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14 © 2009 Brooks/Cole - Cengage Quantization of Energy See Chem & Chem Reactivity, Figure 6.3 Planck deduced that energy would be quantized and this explained the “Catastrophe”Planck deduced that energy would be quantized and this explained the “Catastrophe” With quantization, only radiation of certain energies would be emittedWith quantization, only radiation of certain energies would be emitted

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15 © 2009 Brooks/Cole - Cengage E = h · E = h · Quantization of Energy Energy of radiation is proportional to frequency h = Planck’s constant = x J·s An object can gain or lose energy by absorbing or emitting radiant energy in QUANTA.

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16 © 2009 Brooks/Cole - Cengage Light with a short (large ) has a large E. Light with large (small ) has a small E. E = h · E = h · Quantization of Energy

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17 © 2009 Brooks/Cole - Cengage Let’s look at an object being heated As we heat a metal bar, the atoms in the bar vibrate fasterAs we heat a metal bar, the atoms in the bar vibrate faster The atoms are called oscillatorsThe atoms are called oscillators As they drop back down to a lower vibrational state they emit some radiationAs they drop back down to a lower vibrational state they emit some radiation Each oscillator has a fundamental frequency and the energy of the emitted radiation is a multiple of this frequency (this is where n comes into play)Each oscillator has a fundamental frequency and the energy of the emitted radiation is a multiple of this frequency (this is where n comes into play) For a single energy level change, the equation becomes:For a single energy level change, the equation becomes: E=hν(Planck’s Equation)

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18 © 2009 Brooks/Cole - Cengage Energy of Radiation Energy of 1.00 mol of photons of red light. E = h· E = h· = (6.63 x J·s)(4.29 x s -1 ) = (6.63 x J·s)(4.29 x s -1 ) = 2.85 x J per photon = 2.85 x J per photon E per mol = (2.85 x J/ph)(6.02 x ph/mol) (2.85 x J/ph)(6.02 x ph/mol) = 172 kJ/mol = 172 kJ/mol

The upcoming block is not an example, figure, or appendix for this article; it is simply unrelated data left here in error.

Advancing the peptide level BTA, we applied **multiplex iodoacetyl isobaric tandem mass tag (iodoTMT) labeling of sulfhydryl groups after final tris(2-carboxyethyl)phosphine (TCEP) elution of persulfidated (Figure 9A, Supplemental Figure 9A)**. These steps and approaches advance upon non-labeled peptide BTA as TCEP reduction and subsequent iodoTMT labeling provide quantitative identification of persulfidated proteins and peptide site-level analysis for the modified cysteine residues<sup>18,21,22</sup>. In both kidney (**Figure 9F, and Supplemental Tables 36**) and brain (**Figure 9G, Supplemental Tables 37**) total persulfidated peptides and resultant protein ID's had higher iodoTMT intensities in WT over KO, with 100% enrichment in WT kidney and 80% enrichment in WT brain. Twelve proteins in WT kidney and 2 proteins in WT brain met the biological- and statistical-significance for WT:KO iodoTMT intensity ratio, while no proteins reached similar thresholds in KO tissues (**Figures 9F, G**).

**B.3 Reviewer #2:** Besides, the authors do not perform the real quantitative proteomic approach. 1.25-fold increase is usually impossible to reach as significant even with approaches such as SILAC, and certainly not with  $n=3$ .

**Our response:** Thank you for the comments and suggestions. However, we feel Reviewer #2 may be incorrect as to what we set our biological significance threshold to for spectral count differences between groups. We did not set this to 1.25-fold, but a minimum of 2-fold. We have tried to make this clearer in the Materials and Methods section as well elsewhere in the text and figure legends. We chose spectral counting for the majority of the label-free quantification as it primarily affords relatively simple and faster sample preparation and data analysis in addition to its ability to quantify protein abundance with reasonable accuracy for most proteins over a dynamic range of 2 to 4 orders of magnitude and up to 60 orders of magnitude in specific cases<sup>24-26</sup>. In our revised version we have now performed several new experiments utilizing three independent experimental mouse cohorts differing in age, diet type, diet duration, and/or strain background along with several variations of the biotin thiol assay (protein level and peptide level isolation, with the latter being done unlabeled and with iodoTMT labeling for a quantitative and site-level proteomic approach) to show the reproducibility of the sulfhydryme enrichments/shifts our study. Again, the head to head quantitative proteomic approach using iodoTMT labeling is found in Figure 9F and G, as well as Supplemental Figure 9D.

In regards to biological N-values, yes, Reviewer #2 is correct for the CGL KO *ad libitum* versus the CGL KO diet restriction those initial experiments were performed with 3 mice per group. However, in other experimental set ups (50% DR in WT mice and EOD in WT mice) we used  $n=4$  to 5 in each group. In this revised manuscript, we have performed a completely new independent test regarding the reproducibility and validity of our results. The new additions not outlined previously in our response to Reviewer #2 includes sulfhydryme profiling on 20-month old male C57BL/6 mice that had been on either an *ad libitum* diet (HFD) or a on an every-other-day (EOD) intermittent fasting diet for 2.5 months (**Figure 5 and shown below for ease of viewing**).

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19 © 2009 Brooks/Cole - Cengage Photoelectric Effect Experiment demonstrates the particle nature of light.

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20 © 2009 Brooks/Cole - Cengage Photoelectric Effect Classical theory said that E of ejected electron should increase with increase in light intensity—not observed! No e - observed until light of a certain minimum E (or frequency, remember Placnk’s equation?) is used.No e - observed until light of a certain minimum E (or frequency, remember Placnk’s equation?) is used. –Once this value is reached, electrons are immediately ejected Number of e - ejected depends on light intensity.Number of e - ejected depends on light intensity. The kinetic energy of the ejected electrons increases with the frequency of the incident radiationThe kinetic energy of the ejected electrons increases with the frequency of the incident radiation A. Einstein ( )

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21 © 2009 Brooks/Cole - Cengage Photoelectric Effect Understand experimental observations if light consists of particles called PHOTONS of discrete energy.

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22 © 2009 Brooks/Cole - Cengage Photoelectric Effect Einstein explained the observations of photo-electric experiments by combining Planck’s equation with a new conceptEinstein explained the observations of photo-electric experiments by combining Planck’s equation with a new concept –Light has particle-like properties –Massless packets of energy are called PHOTONS (hv) and the energy of the packets is proportional to their frequency No electrons are ejected by the metal if the incident photons do not have a high enough energyNo electrons are ejected by the metal if the incident photons do not have a high enough energy If the frequency is high enough, the energy is high enough and an electron is knocked offIf the frequency is high enough, the energy is high enough and an electron is knocked off A. Einstein ( )

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23 © 2009 Brooks/Cole - Cengage Photoelectric Effect Let’s look at this in more detail: If we have a stream of photons colliding with a metal object, some of those photons are going to collide with the electrons in the metal The photons have an energy associated with them (hv) but this value must be above a certain minimum to eject an electron from the metal. Different metals do not release electrons with the exact same incident photons The metals want to hold onto the electrons and have a characteristic energy value associated with them called a WORK FUNCTION, If the energy of the incident photons is greater than , then the metal releases electrons 1/2m e v 2 = hv - E k of ejected electron Work function of metal Energy of incident photon